EU ruling goes against ministers on pregnant benefit claimant
A pregnant French woman, who was denied benefits in the UK because she was not considered to be "a worker", had been entitled to the payments, the European Court of Justice has ruled.
Jessy Saint Prix gave up work as a teaching assistant and was denied income support.
Non-UK residents qualify for income support when they achieve "worker" status in EU law.
The case now returns to the Supreme Court for a final ruling.
The UK's highest court, which had referred the question to the European Court of Justice, will take the EU court's ruling into account as it reaches its decision.
Ms Saint Prix attempted to claim benefits in the final stages of her pregnancy.
A spokesman for the Department of Work and Pensions said: "This judgment relates to a very unusual case and is a narrow ruling.
"Nonetheless, it demonstrates how important it is that the UK government is able to set the rules on who is eligible for receiving welfare support, not the European Union.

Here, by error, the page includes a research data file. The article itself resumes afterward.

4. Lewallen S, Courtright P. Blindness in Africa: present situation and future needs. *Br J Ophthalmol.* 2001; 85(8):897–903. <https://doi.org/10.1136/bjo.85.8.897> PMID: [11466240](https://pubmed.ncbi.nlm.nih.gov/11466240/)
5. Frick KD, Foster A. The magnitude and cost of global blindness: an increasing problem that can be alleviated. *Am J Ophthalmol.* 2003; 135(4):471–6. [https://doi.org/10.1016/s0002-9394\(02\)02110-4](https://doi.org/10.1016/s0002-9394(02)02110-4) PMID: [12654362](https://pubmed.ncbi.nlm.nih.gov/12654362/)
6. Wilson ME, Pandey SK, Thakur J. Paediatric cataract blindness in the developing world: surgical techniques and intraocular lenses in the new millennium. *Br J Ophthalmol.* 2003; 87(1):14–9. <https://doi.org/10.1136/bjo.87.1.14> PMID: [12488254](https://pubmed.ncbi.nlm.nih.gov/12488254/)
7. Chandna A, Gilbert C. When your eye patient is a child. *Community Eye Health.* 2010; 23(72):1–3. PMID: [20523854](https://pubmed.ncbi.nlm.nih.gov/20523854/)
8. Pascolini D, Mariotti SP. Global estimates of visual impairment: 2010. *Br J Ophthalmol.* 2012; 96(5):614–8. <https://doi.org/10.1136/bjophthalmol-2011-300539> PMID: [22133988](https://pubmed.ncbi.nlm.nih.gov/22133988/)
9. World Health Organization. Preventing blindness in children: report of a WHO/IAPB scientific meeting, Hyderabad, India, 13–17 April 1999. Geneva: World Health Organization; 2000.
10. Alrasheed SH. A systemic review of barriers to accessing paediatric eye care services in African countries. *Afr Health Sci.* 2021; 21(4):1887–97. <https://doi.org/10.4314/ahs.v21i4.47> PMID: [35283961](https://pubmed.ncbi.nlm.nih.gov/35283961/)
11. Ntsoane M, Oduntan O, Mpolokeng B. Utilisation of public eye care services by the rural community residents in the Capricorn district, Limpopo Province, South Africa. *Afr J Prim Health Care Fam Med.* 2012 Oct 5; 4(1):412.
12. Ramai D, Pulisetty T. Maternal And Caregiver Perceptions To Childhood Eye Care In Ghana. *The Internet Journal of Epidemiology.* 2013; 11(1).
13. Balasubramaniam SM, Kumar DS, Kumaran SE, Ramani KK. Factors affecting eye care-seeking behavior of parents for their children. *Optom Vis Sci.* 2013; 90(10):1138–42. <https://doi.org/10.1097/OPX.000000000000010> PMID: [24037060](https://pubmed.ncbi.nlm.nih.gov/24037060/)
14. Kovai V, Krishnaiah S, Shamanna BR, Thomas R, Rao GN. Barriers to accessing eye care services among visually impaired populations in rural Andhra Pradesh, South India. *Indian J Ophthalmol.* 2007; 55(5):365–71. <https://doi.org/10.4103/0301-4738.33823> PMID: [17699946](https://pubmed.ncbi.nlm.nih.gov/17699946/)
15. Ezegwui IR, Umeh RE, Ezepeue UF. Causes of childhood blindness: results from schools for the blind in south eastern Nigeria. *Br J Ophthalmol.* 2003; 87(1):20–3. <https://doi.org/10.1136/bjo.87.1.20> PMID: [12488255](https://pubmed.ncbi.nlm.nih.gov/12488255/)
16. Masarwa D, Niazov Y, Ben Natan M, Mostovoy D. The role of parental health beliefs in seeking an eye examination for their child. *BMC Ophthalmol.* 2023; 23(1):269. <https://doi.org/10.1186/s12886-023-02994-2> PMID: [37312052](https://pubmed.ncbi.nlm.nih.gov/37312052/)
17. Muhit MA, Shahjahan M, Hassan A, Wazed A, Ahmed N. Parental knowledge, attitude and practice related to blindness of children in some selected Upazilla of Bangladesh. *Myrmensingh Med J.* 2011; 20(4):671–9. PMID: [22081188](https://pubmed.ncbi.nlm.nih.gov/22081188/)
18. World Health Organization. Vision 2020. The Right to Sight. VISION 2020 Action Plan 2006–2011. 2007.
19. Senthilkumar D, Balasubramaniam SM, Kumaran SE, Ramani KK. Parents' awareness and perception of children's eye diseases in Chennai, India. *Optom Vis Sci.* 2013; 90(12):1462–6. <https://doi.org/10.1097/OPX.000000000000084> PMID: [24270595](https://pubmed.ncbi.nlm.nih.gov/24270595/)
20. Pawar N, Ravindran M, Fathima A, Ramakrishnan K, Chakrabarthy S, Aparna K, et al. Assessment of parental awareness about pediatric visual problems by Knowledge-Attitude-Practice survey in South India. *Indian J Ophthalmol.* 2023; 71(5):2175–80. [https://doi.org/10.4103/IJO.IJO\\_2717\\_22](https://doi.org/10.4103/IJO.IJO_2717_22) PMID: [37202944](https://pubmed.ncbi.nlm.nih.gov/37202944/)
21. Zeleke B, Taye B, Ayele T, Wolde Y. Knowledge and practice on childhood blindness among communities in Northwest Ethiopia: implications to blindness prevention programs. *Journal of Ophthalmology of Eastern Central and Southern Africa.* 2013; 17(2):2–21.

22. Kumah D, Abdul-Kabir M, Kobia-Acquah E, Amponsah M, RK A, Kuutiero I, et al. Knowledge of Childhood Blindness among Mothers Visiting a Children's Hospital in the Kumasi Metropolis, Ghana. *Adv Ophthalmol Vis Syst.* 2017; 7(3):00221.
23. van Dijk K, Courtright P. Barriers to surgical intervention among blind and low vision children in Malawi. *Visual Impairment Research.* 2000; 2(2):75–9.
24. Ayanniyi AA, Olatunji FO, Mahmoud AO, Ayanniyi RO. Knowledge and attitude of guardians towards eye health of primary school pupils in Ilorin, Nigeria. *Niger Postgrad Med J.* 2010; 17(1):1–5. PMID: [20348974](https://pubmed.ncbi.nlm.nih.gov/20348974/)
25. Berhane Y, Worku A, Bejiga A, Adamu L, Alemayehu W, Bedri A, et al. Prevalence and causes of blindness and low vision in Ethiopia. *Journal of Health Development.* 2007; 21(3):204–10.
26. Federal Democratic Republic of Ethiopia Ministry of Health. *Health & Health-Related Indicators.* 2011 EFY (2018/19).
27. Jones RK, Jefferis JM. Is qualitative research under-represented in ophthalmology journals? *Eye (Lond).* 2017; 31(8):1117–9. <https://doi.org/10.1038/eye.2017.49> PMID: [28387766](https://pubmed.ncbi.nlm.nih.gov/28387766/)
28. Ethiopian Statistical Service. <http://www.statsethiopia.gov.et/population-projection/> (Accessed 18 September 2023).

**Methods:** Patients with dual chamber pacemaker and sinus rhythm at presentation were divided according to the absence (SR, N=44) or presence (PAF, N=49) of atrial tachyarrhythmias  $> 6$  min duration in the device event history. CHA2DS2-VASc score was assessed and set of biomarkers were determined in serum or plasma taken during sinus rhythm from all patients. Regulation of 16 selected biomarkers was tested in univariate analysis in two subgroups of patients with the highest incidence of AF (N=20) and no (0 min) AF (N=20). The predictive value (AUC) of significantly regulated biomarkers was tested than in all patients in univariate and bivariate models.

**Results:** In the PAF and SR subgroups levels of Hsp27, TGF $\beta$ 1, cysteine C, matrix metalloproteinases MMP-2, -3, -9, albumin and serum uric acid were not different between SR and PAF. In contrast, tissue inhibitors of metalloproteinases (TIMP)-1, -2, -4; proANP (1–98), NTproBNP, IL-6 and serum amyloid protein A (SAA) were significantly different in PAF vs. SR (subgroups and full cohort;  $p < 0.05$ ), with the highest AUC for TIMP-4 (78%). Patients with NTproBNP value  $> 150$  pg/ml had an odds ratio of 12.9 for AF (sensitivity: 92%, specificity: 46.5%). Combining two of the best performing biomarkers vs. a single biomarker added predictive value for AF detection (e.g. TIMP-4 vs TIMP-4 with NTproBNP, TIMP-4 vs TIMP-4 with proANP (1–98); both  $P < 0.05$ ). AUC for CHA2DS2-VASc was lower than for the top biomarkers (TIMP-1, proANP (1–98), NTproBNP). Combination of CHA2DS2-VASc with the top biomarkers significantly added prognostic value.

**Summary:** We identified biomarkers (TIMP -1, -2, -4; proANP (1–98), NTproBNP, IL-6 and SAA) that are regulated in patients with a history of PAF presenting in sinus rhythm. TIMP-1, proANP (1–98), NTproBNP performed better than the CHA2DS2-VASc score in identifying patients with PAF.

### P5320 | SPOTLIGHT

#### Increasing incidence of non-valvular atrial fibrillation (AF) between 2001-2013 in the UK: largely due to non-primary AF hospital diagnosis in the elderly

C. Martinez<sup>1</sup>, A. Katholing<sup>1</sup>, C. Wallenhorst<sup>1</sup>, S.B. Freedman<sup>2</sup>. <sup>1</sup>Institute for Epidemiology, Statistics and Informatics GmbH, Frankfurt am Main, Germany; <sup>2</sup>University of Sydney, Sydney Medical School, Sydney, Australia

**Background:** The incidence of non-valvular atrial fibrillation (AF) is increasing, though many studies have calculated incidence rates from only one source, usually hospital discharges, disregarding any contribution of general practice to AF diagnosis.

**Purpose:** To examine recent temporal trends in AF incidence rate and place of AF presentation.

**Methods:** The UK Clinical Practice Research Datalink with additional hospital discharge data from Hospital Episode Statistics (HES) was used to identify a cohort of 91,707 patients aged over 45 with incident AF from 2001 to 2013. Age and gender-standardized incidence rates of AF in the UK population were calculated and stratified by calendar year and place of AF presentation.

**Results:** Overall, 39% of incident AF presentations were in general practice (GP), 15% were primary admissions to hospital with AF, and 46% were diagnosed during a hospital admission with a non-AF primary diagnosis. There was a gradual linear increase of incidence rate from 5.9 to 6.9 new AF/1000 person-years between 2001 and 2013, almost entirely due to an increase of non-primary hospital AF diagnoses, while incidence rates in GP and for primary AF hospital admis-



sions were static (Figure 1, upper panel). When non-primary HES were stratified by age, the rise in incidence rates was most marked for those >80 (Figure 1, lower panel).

"That's why we're working with other European governments to ensure we can protect our benefits system.
"The British public are rightly concerned that migrants should contribute to this country and not be drawn here by the attractiveness of our benefits system."
There are no official figures on how many people could be affected by the ruling, which will apply across the EU.
The Child Poverty Action Group (CPAG), which acted for Jessy Saint Prix in her appeal said it was "delighted that the European Court has recognised the rights of pregnant women to equal treatment under EU law".
CPAG's solicitor Mike Spencer said: "This is a significant ruling that will help British women living and working on the continent, as well as women from other EU states who currently live and work in the UK."